The topic of what happens when we encounter final illnesses and death is often swept under the rug. Conversations about end-of-life decisions are not fun. However, putting plans in place ahead of time ensures easier moments when the time comes to deal with a family crisis.
There is no enjoyment in meeting doctors and coping with complex medical issues you have never encountered before. Questions such as – do you want everything possible done to keep you alive? Do want nothing done? If you must go on life support, is that OK with you? Who is responsible for making decisions on your behalf if you become?
Should you become incapacitated and doctors turn to your family for answers, it is a good idea to have your wishes spelled out somewhere. Arguments and discord can arise quickly without guidance. So, prevent that from ever happening by having a set of instructions that leave no room for doubt or disagreement about what matters to you.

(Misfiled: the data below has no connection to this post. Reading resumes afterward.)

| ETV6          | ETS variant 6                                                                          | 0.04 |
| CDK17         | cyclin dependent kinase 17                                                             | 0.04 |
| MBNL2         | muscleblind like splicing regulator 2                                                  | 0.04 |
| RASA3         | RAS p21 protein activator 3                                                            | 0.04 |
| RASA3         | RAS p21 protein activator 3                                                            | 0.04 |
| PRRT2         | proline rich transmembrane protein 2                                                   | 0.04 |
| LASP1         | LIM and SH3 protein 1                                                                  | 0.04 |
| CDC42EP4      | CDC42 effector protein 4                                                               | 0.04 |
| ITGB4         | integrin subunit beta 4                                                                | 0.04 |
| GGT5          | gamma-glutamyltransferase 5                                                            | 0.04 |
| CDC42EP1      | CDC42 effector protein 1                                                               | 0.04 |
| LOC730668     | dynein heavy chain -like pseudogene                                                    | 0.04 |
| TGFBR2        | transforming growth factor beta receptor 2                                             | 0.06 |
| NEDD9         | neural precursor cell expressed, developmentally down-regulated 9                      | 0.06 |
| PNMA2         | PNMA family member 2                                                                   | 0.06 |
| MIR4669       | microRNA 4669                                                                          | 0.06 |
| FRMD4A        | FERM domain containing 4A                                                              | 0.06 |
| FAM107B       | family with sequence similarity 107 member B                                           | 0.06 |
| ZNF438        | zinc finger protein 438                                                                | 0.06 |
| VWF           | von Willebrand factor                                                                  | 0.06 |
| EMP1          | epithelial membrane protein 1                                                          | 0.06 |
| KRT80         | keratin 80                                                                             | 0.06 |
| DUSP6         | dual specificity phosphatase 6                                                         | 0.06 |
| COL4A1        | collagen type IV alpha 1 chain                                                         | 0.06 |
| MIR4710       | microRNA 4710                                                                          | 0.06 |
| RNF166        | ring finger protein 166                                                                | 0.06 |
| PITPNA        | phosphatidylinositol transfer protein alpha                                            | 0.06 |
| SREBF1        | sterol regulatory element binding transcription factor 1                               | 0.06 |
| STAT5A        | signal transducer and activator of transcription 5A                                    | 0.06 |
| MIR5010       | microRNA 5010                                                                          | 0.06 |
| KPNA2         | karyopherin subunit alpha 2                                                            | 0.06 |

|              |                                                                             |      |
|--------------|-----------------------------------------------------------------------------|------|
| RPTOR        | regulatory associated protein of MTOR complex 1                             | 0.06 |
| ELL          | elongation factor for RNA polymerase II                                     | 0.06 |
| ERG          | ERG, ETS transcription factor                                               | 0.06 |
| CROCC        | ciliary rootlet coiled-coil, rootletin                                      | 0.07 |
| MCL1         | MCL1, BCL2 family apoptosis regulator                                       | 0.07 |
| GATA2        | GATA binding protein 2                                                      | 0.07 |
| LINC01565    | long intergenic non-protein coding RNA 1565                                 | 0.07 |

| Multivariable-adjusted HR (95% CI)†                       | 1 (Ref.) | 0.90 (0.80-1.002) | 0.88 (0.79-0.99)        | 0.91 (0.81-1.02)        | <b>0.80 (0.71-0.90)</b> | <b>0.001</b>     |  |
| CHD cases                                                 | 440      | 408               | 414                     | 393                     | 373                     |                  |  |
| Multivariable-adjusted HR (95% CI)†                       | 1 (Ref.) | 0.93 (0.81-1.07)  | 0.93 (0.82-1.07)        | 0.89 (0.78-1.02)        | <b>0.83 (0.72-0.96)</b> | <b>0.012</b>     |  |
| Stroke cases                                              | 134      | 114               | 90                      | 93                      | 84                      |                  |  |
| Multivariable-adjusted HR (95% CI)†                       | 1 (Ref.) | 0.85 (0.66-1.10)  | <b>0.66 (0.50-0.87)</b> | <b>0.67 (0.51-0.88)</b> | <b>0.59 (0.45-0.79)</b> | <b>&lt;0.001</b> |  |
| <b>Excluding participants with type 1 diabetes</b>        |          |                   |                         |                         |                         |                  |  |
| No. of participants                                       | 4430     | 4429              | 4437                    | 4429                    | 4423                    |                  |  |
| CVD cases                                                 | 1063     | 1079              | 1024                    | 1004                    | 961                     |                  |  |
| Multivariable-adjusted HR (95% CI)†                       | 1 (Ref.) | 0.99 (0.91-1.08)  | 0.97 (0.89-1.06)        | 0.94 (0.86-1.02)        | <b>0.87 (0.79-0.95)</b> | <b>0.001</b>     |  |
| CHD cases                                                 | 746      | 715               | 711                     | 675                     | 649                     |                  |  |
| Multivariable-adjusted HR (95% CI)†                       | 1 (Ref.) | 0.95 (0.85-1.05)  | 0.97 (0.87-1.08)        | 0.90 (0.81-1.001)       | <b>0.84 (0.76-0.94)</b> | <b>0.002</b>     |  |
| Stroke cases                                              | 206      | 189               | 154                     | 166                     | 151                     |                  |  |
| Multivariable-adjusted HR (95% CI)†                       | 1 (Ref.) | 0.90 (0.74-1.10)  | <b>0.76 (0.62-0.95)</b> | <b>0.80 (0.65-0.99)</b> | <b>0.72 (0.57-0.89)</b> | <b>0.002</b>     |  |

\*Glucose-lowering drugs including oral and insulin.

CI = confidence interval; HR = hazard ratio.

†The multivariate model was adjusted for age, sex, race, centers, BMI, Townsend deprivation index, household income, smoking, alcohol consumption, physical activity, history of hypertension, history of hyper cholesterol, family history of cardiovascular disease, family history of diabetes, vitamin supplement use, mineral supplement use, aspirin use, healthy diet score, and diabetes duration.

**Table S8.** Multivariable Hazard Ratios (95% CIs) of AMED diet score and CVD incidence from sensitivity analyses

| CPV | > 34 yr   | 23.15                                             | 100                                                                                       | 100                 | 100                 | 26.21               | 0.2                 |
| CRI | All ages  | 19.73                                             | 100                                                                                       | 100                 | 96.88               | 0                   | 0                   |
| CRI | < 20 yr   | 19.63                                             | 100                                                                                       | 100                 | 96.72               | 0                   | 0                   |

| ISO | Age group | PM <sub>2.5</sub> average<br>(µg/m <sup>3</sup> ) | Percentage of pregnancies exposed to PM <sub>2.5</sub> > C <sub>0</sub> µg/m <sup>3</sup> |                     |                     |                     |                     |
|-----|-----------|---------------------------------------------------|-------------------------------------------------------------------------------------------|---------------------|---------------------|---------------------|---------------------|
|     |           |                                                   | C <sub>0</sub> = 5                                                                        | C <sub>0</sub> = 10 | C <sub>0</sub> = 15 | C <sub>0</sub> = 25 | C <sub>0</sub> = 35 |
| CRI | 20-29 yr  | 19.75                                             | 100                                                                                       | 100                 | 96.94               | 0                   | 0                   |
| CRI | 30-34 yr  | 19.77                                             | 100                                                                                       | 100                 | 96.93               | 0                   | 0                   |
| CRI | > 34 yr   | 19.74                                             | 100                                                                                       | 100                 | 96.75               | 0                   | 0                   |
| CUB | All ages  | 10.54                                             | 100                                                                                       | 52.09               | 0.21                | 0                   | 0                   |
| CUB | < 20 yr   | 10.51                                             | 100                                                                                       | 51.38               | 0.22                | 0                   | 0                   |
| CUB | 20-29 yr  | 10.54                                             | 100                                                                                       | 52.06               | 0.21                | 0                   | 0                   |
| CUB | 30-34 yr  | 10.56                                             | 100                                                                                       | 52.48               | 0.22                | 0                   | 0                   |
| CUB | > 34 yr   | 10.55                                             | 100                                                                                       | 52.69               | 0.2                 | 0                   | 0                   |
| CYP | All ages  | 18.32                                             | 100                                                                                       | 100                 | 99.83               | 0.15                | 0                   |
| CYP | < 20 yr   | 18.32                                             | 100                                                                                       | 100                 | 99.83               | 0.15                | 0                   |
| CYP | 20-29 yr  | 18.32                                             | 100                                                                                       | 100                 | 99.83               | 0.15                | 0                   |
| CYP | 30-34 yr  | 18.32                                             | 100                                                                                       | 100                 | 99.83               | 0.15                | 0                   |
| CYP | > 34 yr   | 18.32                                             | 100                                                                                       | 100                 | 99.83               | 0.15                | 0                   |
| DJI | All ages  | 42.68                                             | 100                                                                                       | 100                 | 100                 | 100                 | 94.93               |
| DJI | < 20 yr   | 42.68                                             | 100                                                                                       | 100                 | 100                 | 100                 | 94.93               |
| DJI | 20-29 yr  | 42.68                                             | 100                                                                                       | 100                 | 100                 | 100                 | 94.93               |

Make a plan for end of life
A good place to start is to prepare an advance care plan, to help you, the important people in your life, and your healthcare team plan for your end-of-life care.
It helps you understand what the future might hold, and to say what health care you would or would not want. This makes it much easier for everyone to know what you want - especially if you can no longer speak for yourself.
There's helpful, easy-to-understand information on advance care planning on the NZ Health Quality and Safety website.
Enduring Power of Attorney
One of the things that everyone should have in place is an Enduring Power of Attorney (EPA). This is a legal document that can protect you and what is precious to you. There are two types, covering property, and personal care and welfare. More information can be found on MSD's Superseniors site.